While some low-volume offerings have spiced things up along the way, such as the limited production (120 units) Rapide-based 2015 to 2016 Lagonda Taraf that was priced at a cool $1 million-plus, possibly even more interesting is the success of smaller entries from Mercedes, BMW and Audi that have pulled the sleek body style down market almost as far as VW’s CC (now the much more appealing Arteon) and Kia’s stronger selling Stinger.
Bridging the massive gap between the $40k range and one million-plus, Lamborghini has long toyed with the idea of launching something in this sector, the stunning Estoque concept ruthlessly teasing the supercar world with production rumours for years, while talk of a more rakishly penned Bentley four-door has been circulating the interweb for almost as long. Both make loads of sense being they could utilize the Panamera’s underpinnings and hard points, Bentley already sharing Volkswagen Group’s MSB architecture for the new Continental and Flying Spur, but for the time being those in the $300,000-plus crowd will need to remain satisfied with a fully loaded Panamera.
And yes, if you completely load up a top-line Panamera Turbo S E-Hybrid Executive you’ll be paying in excess of $320k, and its glossy black SportDesign Package enhanced exterior will wear an exclusive colour with matching wheels, its upgraded interior will boast softer, plusher leather nearly everywhere that’s not already covered with hardwood or carbon fibre, and every technology will be included.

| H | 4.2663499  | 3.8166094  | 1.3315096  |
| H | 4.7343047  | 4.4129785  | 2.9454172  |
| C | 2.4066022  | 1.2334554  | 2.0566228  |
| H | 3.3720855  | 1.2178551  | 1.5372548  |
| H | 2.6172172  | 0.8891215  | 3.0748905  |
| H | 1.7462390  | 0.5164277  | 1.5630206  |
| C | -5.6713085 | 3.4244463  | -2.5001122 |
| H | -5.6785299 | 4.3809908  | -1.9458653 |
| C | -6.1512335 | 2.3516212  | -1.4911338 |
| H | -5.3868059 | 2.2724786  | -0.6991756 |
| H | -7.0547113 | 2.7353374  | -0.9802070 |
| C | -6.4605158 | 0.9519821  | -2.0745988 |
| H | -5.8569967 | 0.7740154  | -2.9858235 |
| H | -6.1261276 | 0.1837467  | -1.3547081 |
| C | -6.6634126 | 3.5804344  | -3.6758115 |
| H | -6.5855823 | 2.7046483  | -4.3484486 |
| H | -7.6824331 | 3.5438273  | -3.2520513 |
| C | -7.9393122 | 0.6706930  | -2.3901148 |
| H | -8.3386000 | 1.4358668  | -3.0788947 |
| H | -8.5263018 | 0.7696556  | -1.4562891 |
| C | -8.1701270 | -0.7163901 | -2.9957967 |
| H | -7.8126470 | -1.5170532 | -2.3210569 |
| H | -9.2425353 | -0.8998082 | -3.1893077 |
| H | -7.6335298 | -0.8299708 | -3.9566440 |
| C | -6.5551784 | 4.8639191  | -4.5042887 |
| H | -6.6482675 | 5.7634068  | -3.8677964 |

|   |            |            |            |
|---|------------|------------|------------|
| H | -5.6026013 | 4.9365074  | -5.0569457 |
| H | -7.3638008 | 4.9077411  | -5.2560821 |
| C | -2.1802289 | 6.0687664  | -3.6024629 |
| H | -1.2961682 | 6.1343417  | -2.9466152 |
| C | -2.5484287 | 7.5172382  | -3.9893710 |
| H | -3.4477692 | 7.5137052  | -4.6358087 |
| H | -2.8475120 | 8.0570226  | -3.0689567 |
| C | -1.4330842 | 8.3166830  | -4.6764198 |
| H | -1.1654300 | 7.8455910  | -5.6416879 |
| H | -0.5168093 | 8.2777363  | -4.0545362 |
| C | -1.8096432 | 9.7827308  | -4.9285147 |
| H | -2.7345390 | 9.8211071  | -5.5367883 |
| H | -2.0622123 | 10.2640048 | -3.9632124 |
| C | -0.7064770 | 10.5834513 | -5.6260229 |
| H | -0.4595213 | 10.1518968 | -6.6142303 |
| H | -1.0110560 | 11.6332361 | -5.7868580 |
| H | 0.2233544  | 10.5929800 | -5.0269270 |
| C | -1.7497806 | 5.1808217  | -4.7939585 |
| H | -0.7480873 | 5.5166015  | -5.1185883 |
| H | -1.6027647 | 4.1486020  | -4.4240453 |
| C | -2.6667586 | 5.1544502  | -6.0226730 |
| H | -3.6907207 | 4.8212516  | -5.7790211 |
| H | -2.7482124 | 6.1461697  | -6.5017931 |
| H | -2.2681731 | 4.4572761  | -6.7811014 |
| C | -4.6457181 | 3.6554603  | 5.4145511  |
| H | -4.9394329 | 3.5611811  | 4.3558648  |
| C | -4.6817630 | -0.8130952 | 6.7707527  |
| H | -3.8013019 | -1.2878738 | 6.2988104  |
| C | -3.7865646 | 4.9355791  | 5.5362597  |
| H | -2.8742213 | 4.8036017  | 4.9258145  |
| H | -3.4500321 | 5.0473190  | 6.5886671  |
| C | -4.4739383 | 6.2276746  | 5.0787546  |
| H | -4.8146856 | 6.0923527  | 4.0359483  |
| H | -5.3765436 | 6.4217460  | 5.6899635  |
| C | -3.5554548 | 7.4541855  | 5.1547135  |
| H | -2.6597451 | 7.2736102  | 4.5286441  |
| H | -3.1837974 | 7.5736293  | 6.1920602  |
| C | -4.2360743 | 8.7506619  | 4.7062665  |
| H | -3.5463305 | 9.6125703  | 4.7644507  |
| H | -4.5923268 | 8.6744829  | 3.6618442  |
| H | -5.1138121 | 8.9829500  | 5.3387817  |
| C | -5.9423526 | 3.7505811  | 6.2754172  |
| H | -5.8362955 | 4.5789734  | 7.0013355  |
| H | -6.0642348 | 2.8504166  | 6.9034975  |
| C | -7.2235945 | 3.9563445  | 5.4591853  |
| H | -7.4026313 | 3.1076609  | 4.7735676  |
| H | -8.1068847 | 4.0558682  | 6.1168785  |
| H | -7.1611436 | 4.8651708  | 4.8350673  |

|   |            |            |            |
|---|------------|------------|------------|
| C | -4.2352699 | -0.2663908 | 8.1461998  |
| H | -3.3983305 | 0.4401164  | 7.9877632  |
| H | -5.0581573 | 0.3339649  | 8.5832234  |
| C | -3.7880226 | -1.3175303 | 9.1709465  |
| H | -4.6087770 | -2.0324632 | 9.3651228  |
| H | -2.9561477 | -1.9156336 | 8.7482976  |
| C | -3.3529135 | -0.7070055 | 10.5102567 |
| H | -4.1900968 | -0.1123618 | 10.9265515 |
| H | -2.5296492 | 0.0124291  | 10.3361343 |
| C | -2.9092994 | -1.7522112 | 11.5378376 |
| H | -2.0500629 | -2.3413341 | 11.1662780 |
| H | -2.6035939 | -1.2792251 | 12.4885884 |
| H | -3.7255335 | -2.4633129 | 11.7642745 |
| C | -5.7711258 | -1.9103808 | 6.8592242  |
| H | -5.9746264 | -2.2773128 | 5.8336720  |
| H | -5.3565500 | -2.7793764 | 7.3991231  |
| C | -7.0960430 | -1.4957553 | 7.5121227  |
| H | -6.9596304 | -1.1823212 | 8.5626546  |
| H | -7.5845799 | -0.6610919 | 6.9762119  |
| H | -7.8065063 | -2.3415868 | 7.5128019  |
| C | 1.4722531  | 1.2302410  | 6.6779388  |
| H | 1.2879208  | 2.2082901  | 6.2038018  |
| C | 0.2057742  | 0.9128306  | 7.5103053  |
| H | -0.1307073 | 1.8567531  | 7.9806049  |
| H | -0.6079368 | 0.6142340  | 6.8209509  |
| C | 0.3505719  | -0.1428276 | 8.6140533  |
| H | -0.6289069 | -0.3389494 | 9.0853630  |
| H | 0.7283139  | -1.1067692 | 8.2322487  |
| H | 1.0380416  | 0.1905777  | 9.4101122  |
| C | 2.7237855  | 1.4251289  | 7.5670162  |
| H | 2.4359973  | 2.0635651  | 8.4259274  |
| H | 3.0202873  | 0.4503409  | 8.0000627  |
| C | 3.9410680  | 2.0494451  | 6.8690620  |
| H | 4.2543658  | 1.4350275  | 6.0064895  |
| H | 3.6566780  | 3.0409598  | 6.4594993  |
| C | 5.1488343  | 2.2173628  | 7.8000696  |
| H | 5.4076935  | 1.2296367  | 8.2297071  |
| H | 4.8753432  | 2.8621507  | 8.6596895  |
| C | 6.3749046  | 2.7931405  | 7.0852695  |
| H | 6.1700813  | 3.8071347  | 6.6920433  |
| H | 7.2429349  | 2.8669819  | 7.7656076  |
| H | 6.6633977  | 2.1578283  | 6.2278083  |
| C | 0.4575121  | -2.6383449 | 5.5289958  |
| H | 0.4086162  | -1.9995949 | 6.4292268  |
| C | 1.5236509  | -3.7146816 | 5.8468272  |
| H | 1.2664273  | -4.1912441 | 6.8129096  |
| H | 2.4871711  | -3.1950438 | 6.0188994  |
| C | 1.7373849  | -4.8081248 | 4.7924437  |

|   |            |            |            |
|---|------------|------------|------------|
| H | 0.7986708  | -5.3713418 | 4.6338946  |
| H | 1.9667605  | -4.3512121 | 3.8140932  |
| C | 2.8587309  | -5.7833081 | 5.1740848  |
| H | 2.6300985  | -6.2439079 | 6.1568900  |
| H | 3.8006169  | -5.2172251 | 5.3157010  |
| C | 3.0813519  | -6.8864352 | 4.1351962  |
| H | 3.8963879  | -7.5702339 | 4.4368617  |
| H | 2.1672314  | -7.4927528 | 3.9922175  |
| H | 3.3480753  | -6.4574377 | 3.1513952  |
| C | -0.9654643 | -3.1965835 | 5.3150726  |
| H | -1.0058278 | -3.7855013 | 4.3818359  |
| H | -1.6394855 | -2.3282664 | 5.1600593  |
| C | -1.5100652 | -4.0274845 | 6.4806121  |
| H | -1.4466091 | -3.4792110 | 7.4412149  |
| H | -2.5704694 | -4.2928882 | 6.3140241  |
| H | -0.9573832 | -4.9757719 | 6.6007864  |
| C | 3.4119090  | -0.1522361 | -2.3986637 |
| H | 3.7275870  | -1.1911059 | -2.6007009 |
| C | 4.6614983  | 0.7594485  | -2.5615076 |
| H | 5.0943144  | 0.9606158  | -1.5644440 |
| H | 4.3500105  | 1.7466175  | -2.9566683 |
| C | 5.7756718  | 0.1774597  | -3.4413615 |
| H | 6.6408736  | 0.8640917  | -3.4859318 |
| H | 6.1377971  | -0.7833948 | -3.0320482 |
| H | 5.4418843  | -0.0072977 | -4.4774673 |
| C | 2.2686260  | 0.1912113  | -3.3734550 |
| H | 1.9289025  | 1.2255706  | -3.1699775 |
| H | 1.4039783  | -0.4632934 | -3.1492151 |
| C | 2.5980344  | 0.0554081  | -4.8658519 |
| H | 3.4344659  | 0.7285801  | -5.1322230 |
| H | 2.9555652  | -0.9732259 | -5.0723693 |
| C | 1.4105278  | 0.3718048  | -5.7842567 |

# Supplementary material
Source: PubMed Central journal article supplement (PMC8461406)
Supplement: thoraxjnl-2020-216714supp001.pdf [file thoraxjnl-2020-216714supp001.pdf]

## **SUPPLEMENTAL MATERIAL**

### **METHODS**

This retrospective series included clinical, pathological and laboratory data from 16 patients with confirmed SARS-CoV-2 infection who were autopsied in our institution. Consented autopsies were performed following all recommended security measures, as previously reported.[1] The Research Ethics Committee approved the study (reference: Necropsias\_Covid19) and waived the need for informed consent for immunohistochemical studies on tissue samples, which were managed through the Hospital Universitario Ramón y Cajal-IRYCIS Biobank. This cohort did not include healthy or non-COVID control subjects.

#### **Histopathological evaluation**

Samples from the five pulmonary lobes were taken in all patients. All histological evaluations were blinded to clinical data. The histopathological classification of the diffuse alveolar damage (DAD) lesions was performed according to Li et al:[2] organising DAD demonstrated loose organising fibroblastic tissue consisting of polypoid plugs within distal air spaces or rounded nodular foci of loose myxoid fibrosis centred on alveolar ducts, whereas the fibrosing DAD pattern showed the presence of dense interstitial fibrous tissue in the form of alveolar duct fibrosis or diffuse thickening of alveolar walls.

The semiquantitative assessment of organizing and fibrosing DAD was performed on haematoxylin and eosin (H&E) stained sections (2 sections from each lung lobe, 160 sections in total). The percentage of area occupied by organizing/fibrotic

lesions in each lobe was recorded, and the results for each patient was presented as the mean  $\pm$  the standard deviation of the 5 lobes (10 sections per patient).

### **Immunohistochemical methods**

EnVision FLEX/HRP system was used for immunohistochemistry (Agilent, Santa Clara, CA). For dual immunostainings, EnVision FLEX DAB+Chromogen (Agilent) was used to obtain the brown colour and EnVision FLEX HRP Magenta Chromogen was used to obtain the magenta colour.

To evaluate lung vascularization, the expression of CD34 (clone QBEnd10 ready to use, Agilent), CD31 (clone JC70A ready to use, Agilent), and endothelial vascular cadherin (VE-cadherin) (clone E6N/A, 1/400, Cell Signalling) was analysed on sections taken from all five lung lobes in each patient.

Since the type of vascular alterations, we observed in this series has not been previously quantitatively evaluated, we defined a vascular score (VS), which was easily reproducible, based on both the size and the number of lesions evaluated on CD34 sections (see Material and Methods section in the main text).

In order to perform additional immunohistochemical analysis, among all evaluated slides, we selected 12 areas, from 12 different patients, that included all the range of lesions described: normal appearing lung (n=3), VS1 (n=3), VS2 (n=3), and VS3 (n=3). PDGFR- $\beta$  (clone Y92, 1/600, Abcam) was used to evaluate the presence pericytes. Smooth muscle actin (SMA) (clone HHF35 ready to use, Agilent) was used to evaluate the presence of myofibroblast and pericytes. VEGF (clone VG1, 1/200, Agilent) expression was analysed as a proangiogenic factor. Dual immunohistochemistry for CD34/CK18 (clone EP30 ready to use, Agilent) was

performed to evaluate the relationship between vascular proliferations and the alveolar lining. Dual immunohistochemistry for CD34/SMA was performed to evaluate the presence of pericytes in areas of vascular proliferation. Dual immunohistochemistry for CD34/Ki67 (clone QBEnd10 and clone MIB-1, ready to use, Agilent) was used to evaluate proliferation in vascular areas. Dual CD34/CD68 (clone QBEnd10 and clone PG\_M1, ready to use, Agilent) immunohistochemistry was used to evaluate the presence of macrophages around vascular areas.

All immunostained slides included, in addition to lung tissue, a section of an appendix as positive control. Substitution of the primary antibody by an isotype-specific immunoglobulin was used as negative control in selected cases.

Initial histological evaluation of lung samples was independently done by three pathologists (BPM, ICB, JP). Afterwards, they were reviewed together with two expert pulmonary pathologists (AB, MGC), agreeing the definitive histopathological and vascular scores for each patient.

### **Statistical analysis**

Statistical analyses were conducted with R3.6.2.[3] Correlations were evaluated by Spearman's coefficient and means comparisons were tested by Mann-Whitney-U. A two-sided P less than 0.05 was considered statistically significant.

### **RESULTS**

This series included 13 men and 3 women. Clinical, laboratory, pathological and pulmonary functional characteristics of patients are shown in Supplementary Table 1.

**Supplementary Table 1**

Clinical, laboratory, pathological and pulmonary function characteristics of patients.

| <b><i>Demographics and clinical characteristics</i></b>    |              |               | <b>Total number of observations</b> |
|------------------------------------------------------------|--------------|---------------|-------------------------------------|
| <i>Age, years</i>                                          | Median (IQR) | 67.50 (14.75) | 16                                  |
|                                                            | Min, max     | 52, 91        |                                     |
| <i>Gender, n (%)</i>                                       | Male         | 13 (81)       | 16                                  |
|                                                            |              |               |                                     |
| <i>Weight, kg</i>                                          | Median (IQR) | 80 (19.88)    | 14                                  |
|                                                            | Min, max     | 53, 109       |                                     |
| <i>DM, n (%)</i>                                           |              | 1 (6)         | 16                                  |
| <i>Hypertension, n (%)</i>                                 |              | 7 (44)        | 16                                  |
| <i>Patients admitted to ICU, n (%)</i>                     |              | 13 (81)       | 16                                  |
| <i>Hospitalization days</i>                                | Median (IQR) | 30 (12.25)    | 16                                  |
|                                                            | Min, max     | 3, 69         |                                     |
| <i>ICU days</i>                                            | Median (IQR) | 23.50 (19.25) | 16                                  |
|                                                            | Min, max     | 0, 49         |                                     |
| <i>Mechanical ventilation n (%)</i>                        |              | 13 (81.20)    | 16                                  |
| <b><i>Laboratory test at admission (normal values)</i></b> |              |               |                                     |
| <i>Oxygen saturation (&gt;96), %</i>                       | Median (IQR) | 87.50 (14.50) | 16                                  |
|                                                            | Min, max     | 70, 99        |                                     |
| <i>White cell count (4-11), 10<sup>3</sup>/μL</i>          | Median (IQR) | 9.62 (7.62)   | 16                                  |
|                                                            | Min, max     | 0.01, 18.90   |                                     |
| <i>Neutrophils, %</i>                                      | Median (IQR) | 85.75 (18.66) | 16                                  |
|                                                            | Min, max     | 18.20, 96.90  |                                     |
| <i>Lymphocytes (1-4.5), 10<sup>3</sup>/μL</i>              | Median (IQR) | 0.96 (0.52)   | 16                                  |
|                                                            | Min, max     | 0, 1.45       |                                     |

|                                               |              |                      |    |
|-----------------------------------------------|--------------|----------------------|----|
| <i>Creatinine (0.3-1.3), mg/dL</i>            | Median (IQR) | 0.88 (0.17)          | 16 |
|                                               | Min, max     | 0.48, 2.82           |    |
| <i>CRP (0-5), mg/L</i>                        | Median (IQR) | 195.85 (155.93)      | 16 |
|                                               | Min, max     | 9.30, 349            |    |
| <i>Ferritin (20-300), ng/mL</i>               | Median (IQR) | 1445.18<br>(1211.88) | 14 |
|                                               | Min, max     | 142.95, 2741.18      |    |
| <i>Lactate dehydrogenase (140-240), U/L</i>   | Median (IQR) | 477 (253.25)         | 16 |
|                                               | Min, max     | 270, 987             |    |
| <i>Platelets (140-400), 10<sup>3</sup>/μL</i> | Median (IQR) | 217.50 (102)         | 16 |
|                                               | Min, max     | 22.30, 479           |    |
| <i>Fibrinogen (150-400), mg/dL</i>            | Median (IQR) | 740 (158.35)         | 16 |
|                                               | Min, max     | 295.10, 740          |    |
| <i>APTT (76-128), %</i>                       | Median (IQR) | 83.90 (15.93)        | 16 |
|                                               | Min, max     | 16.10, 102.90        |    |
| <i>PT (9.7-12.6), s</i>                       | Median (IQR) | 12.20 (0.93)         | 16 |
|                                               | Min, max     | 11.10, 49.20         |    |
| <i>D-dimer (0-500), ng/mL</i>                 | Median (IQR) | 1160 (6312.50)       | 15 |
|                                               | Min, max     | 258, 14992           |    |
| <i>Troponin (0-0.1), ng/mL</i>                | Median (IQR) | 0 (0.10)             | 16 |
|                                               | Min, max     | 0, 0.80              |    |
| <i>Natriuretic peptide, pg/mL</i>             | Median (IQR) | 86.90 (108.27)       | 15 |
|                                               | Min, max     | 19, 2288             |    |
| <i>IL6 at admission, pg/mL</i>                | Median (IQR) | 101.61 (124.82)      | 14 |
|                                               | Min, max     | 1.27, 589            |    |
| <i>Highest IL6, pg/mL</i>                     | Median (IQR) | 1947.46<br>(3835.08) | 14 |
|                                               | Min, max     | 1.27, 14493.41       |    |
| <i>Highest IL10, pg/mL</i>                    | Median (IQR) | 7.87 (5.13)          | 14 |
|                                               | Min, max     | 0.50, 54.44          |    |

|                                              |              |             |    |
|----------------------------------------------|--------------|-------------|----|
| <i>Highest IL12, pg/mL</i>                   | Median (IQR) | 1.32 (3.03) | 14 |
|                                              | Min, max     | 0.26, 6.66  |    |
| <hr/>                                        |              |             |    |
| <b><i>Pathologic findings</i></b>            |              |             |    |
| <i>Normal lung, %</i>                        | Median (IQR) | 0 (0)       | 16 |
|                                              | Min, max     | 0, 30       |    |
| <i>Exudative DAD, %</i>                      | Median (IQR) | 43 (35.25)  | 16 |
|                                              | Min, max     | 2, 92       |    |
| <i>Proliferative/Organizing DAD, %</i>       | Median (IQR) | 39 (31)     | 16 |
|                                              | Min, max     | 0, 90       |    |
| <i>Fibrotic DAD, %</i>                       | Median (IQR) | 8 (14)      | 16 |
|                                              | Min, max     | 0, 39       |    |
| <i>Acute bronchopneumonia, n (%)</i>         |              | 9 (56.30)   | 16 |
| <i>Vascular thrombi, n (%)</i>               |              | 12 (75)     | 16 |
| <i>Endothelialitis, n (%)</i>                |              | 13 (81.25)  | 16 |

I drove a regular wheelbase version of that new for 2018 model last year (check out the four-model review here), the Turbo S E-Hybrid outrageously quick thanks to a once unfathomable (for a hybrid) 680 (net) horsepower, while I put last year’s new wagon-like Sport Turismo body style through its paces as well (again, see it here), albeit that car was motivated by the very same 440-horsepower twin-turbo V6 powerplant found in the Panamera 4S seen on this page.
Moving into 2019, other than small pricing bumps across the line nothing has changed with any of the cars mentioned thus far, the version shown here exactly as it was for the 2017 model year when the second-generation Panamera arrived on the scene. This said, 2019 hasn’t been without additions to the Panamera lineup, thanks to a special 453-horsepower twin-turbocharged 4.0-litre V8-powered GTS model now slotting between this 4S and the Panamera Turbo in both price and performance (see my overview of the 2019 Panamera GTS here), the car I’m reviewing now starting at $119,600, the new GTS at $147,400, and the Turbo at $174,200.
Unfortunately no GTS was available at the time of testing, leaving me with the first-world problem of this less potent 4S. Still, it produces 110 more ponies than the 330-horsepower base Panamera (read my review of this model here), and sends them to all four wheels, hence the “4” in its designation. The gurgling exhaust note is sensational in Sport mode, crackling and popping at liftoff, although rest assured its Jekyll and Hyde personality provides luxurious quietude when the drive mode selector is set to default.